Seasonal transitions have always been a challenge for me. At their worst, my emotions would consume me, my brain would get foggy, I’d have trouble making decisions. When I was younger, it made me confused, and I could not understand what was wrong with me. I couldn’t see it happening to others, and it began to make me question – WHAT IS WRONG WITH ME? As I’ve become older, I’ve understood this recurring pattern to be part of my nature – loving the change that comes with the seasons, but struggling with the passage between. For me, a seasonal ritual provides a few weeks of eating well, taking herbs that focus on different parts of the body appropriate to the season, and incorporating self-care rituals that include meditation, movement, rest, journaling, self-reflection.
Seasonality allows me to let the earth, the planets, the plants be my guide in a more pronounced way. This is real – it’s available to me through my senses - through taste, smell, touch, appearance, and observation. I prefer the real to the google.
Earlier this year, my treasured practices to celebrate seasonal transitions were dislodged from my schedule when we began to hear about a mysterious virus. Normal life was detoured by daily announcements and briefings. My sense of time was lost, and I became disoriented. I experienced information overload and began to question what I believed to be true. My nearly perpetual optimism decided to take some time off. I ignored my treasured seasonal rituals during spring and summer, struggling to find my balance.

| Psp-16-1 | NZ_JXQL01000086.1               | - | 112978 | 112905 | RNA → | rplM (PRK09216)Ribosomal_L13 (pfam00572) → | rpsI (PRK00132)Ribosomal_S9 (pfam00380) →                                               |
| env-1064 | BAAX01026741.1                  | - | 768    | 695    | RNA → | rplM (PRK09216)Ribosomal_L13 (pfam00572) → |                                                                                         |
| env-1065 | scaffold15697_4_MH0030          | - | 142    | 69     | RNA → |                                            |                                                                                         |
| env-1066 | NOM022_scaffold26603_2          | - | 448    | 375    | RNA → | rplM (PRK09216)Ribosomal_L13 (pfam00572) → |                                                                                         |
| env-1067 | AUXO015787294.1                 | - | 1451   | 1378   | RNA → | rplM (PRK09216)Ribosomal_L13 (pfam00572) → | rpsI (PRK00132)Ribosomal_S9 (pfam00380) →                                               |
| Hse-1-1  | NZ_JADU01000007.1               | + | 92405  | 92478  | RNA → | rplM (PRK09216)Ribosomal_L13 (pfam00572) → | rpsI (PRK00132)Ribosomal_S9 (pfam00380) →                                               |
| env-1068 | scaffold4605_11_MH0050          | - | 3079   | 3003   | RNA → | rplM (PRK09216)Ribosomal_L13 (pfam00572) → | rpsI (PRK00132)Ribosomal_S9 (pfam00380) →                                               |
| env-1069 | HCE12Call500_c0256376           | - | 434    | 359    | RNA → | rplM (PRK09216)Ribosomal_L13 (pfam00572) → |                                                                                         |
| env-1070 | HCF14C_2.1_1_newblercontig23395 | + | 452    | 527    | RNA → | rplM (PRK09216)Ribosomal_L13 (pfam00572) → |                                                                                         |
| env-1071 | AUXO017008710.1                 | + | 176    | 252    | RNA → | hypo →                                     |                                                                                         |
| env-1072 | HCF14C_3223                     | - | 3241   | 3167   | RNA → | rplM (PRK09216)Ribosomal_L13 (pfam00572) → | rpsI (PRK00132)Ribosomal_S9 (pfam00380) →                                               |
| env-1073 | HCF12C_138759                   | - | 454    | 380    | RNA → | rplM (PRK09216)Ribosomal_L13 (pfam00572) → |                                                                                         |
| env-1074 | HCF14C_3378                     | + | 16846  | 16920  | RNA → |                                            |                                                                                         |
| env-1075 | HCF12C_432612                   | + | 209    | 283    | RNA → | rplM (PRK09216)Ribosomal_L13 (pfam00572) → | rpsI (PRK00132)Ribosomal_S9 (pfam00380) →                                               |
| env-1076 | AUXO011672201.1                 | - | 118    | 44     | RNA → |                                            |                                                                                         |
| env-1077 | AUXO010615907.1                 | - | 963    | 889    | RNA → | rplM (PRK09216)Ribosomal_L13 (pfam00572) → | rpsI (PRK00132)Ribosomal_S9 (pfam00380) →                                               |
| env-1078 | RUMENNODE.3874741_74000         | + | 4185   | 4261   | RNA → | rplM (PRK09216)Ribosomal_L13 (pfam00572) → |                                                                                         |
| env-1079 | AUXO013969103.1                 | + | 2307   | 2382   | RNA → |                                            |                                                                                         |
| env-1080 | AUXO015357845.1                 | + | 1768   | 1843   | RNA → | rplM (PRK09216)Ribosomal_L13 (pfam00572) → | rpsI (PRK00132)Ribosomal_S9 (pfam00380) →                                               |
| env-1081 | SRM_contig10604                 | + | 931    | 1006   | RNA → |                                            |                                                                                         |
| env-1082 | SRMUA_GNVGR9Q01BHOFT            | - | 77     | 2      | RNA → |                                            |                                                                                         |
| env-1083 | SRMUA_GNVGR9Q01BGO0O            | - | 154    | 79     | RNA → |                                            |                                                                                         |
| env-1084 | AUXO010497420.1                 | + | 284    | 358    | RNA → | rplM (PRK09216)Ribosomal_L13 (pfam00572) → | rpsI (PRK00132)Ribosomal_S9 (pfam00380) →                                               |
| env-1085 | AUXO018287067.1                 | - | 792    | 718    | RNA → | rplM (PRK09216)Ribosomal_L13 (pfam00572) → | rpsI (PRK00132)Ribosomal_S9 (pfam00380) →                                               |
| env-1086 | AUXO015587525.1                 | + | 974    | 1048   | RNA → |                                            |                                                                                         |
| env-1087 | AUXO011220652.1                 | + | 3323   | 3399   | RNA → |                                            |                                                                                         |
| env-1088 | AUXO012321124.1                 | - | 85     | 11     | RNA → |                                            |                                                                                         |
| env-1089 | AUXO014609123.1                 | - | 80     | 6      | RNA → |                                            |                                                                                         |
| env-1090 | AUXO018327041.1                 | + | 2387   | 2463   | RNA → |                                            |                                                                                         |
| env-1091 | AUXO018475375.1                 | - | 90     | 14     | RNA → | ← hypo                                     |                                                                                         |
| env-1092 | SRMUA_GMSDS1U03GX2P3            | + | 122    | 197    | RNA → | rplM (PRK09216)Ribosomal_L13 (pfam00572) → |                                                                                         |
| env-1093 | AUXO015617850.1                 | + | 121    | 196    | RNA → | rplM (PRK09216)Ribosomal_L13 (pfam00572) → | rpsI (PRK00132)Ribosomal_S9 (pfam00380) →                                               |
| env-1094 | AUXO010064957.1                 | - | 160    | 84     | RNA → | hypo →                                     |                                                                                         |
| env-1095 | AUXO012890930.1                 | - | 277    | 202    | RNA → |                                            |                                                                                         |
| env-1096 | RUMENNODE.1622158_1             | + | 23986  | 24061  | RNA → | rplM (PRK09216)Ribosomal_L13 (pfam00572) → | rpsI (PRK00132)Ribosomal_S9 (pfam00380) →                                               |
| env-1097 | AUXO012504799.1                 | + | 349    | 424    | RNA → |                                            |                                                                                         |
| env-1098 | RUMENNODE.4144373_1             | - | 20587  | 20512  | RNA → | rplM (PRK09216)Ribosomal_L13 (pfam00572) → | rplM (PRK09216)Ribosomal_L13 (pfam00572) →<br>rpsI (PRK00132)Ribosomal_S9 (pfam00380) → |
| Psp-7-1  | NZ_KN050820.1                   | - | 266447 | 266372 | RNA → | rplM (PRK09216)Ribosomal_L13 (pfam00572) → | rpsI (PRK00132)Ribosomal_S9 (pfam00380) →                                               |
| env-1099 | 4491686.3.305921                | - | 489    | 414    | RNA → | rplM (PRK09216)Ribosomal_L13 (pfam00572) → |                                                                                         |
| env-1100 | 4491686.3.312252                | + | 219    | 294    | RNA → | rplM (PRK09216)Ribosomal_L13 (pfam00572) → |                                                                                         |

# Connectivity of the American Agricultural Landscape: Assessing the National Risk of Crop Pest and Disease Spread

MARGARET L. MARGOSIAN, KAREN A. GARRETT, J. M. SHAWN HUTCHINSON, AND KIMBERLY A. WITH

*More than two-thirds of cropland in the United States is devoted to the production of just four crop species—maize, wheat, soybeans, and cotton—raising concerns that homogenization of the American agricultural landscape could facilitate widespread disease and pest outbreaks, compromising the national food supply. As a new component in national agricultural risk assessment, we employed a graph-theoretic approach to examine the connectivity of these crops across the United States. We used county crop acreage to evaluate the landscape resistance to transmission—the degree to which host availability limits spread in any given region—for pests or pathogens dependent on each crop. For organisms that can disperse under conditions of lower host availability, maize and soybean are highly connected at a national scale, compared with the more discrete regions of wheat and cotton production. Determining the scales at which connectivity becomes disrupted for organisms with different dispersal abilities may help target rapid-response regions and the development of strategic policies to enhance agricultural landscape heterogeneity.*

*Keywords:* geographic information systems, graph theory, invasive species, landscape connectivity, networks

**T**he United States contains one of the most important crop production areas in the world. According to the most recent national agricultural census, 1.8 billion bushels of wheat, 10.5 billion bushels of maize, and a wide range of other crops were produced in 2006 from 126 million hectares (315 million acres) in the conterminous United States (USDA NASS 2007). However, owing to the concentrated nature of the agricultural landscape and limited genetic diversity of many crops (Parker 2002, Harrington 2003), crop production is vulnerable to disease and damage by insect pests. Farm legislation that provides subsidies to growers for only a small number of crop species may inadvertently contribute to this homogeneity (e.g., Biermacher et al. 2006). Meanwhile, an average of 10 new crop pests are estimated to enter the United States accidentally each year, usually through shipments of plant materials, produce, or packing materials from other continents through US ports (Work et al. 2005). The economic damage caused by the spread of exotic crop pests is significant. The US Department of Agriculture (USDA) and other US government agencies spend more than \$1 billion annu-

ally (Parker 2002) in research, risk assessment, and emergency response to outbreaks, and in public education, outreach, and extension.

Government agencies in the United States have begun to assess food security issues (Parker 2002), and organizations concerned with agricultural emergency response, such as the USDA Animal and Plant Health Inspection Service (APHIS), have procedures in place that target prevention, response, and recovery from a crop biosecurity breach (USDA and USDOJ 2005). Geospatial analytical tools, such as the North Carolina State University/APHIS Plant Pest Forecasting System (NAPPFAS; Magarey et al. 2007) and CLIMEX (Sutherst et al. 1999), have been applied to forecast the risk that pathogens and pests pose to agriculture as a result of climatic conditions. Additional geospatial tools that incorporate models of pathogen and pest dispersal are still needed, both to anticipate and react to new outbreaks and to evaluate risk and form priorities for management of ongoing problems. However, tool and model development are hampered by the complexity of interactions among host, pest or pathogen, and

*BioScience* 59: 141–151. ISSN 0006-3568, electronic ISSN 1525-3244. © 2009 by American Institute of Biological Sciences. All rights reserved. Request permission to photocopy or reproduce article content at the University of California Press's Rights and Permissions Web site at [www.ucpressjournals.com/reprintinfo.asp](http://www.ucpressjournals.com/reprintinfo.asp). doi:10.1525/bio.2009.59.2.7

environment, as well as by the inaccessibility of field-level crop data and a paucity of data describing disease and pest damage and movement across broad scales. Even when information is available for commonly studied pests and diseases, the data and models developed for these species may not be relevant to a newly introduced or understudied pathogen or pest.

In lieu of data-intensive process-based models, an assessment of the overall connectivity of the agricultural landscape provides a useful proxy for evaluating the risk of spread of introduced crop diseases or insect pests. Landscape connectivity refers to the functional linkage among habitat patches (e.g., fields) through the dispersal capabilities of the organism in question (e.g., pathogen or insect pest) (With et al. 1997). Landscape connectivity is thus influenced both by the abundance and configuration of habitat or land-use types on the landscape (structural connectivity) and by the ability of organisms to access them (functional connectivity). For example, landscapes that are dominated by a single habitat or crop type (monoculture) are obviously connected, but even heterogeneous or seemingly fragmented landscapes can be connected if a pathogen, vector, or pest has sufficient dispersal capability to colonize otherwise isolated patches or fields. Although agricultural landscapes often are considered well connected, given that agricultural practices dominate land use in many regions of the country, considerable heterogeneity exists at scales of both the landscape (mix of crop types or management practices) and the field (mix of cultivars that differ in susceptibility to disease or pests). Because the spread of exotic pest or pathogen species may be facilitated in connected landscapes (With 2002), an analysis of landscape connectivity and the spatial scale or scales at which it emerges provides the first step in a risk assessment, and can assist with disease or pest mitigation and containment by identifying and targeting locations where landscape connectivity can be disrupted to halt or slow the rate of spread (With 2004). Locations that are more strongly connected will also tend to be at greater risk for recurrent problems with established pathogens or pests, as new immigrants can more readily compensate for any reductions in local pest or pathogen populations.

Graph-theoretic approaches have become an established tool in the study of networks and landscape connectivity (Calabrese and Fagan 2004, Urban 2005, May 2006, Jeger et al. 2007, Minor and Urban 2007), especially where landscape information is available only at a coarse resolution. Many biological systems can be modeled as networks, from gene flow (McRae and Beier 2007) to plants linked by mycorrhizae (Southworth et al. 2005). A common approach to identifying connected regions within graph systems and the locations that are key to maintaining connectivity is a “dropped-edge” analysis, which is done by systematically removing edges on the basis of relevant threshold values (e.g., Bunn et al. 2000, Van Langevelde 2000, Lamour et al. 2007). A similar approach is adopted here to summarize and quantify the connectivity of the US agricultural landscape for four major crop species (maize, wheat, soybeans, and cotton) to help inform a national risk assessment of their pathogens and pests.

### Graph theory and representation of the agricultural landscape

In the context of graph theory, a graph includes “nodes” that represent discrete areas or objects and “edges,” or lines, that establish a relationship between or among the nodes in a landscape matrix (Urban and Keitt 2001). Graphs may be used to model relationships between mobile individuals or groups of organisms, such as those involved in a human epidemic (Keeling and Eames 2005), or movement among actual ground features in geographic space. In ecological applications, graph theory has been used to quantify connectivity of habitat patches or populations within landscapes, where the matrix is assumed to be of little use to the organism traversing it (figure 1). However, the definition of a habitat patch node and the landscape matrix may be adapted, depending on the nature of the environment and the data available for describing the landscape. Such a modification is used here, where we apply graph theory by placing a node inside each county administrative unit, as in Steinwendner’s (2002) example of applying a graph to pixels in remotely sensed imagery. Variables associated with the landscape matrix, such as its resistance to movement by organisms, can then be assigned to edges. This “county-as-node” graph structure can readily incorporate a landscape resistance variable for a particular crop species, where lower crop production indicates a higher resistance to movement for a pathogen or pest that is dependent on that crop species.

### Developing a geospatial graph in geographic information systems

In Traditional Chinese Medicine (TCM), the season of autumn is connected with the emotion of grief. It was only recently that I was able to put this label, grief, to the disappearance of familiar connections that I’d never questioned – sitting at Sunday meals with my spouse, our children, my siblings, kissing my grandchildren, hugging my friends, celebrating my mother’s 90th birthday, smiling at strangers. I experienced a deep and profound sense of loss of things that are familiar. There is much study on grief, its stages, how it impacts our body and our spirit. Grief can never be forgotten or reversed, but what we learn through our experience of it can lead us to anger, or hope, or both.
TCM also teaches that the archetype of the season is the alchemist – who is able to distill what is pure and good from what is imperfect and coarse. The alchemist is seen as the defender of virtue, principle and beauty. We can interpret this as an opportunity to reshape the grief that sometimes overtakes us into something of beauty that can soothe us. I’ve found a new love in writing old-fashioned letters, and l am soothed and energized by putting pen to paper. They become small poignant works of art, at least for me.
This season of autumn has allowed me to resume my practices for transition between seasons. I find it fitting that this has coincided with the season of grief. Perhaps you may share my experience, and create your own ritual for this lovely time of the year. I hope that you find something in your own life that brings you hope, happiness and love.